War on Drugs

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Matthew Reich
ENC1101
Louvar
17 April 2013

According to the National Survey of Drug Use and Health data, in 2008, 20 million people in the United States of America ages 12 and up used an illicit drug. (Walker 305) 20 million is a high number and being that the age level went all the way down to 12 years old is frightening. Marijuana is the main source of drug use weighing in at 15.2 million users (76 percent of the total number of users taken in the National Survey of Drug Use and Health) in 2008. (Walker 305) Cocaine comes in second place weighing in at 1.9 million users (9.5 percent of the total number of users taken in the National Survey of Drug Use and Health) in 2008 and heroin comes next with 200,000 users (1 percent of the total number of users taken in the National Survey of Drug Use and Health) in 2008. (Walker 305) The remaining 2.7 million or 12.5 percent of users come from other drugs such as hallucinogens, methamphetamines, inhalants, prescription drug abuse, etc. (National Survey of Drug Use and Health Archive) Being that there are so many drugs out on the street and proof that people are using them, there have to been crimes that are connected with drugs, right? The Federal Bureau of Investigation reported in 2006 there were 1,379,887 drug arrests made in the United States of America. 50 percent of members in federal prison are drug offenders and 35 percent of the population in state prisons constitutes drug offenders. (Gaines and Kappeler 475) Drugs alter one’s state of mind so it is reasonable to say that people are likely to make bad choices and big mistakes while on different drugs. According to the Arrestee Drug Abuse Monitoring Program, in 1997 55.3 percent of people arrested in the United States of America have some sort of drug in their system when they are arrested, the most common drug found in their system being cocaine followed by marijuana, then opiates. (Gaines and Kappeler 475) The Arrestee Drug Abuse Monitoring Program in 1997 obtained its data by collecting urine samples obtained voluntarily from prisoners in 40 major cities across the country. (Gaines and Kappeler 475) In 2003 the Justice Department terminated the Arrestee Drug Abuse Monitoring Program but reinstated it as Arrestee Drug Abuse Monitoring Program II in 2006. This time, instead of used 40 major cities across the United States of America, only 10 cities were used to collect the data. This time, in 2008 in Minneapolis, 47.8 percent of arrestees tested positive for marijuana and 22.5 percent tested positive for cocaine. Also, in Atlanta, 31.8 percent of arrestees tested positive for marijuana and 40.5 percent tested positive for cocaine. (Walker 306) Arrestee Drug Abuse Monitoring Program II was more focused on an important particular group in regards to drugs and crime rather than being representative of the entire country. (Walker 306) With all of the data shown, it is obvious that drugs are a problem in America. There has been a fight against drugs ever since the end of the Civil War (Gaines and Kappeler 475). It continued after World War I and again in the 1950s when many new laws were passed to try to deal with the drug problem. (Gaines and Kappeler 475) In 1912, nations were enacting international agreements to prohibit certain types of drugs. For example, the International Opium Convention was signed at The Hague, the Netherlands in 1912. (Roberson and Wallace 275) In 1969, President Nixon officially declared a “war” on drugs.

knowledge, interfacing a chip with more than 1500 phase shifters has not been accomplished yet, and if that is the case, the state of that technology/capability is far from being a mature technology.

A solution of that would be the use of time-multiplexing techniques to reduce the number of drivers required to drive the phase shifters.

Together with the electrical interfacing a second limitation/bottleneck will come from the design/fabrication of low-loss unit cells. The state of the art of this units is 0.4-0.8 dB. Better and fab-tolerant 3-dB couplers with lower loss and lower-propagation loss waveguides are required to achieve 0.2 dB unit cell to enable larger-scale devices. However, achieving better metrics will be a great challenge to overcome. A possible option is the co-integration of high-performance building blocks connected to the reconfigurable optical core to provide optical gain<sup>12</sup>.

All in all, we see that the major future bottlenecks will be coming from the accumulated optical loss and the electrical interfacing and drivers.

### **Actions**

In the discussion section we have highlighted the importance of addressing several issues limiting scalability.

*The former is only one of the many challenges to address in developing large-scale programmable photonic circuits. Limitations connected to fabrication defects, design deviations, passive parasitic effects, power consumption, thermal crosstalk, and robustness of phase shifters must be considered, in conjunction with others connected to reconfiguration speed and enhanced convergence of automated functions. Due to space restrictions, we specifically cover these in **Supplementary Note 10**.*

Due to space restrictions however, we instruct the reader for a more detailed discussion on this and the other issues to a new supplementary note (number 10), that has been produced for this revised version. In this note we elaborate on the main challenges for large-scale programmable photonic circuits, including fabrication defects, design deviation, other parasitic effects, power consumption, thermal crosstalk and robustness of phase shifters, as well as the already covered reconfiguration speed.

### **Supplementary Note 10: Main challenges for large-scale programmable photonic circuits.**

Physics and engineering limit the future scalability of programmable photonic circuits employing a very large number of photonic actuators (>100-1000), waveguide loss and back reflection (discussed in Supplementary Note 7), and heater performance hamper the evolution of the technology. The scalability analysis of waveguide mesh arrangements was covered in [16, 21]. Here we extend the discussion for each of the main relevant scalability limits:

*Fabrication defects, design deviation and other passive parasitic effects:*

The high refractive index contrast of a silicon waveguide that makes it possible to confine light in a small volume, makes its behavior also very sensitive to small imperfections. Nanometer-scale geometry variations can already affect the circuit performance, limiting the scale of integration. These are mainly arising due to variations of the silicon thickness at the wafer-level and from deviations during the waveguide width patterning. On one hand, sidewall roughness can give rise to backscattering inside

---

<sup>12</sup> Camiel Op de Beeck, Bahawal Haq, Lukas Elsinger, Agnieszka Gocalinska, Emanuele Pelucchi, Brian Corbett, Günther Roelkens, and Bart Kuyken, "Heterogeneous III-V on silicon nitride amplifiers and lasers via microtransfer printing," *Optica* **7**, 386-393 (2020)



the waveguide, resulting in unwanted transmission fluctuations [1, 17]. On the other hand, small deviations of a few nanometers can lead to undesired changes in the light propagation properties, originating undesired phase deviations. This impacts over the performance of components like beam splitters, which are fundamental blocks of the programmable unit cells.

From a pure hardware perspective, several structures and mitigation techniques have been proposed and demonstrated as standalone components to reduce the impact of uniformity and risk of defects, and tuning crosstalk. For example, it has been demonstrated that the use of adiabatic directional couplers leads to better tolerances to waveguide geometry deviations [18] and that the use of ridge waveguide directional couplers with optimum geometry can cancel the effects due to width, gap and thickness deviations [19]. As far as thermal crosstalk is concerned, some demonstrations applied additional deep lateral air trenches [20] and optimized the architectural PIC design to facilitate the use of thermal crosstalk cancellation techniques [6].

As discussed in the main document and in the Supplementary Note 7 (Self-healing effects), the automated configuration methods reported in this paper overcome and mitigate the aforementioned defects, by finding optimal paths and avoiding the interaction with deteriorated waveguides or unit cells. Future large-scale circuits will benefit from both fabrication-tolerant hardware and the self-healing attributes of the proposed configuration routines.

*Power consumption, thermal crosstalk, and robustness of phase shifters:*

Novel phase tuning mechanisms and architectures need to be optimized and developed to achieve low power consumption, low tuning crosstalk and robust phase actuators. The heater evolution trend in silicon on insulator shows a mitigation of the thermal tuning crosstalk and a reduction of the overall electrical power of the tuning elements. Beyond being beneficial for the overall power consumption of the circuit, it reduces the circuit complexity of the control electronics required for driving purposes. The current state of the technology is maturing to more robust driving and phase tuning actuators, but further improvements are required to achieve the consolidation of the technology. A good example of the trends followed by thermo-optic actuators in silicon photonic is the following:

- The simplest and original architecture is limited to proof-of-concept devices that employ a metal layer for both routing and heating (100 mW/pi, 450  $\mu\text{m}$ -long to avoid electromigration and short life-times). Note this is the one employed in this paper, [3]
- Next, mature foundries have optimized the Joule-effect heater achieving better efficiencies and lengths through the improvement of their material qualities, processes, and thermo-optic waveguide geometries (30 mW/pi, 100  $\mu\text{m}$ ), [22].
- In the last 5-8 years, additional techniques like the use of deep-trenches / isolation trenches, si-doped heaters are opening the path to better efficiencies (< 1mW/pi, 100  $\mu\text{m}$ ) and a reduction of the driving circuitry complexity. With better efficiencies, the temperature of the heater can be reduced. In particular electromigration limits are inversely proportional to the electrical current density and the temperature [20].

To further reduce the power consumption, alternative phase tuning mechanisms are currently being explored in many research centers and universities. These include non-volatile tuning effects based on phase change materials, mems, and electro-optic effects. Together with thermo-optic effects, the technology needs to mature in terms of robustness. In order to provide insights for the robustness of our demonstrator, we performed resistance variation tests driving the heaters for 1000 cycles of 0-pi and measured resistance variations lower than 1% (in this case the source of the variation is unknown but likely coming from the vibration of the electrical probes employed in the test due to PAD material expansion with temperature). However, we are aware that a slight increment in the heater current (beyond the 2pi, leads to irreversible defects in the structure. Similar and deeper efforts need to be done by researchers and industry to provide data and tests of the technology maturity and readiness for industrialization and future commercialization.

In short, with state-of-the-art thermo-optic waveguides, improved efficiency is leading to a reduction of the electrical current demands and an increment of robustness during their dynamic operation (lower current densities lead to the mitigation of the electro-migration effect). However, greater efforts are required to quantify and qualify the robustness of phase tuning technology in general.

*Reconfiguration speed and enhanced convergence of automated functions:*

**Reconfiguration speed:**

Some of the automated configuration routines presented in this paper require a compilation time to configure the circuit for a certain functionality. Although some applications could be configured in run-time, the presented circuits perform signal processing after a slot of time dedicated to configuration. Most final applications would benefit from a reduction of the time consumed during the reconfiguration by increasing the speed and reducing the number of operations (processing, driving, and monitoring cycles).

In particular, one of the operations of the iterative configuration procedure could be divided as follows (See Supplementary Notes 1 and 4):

According to Walker (2008):
The 2009 National Drug Control Strategy included a mix of prevention, treatment, and law enforcement. Prevention efforts include a national media campaign, drug testing in schools, and supporting collaborative Drug Free Community efforts…Treatment efforts include drug courts…Finally, law enforcement efforts emphasize disrupting drug markets, including the production of drugs here in the U.S. and the importation of...
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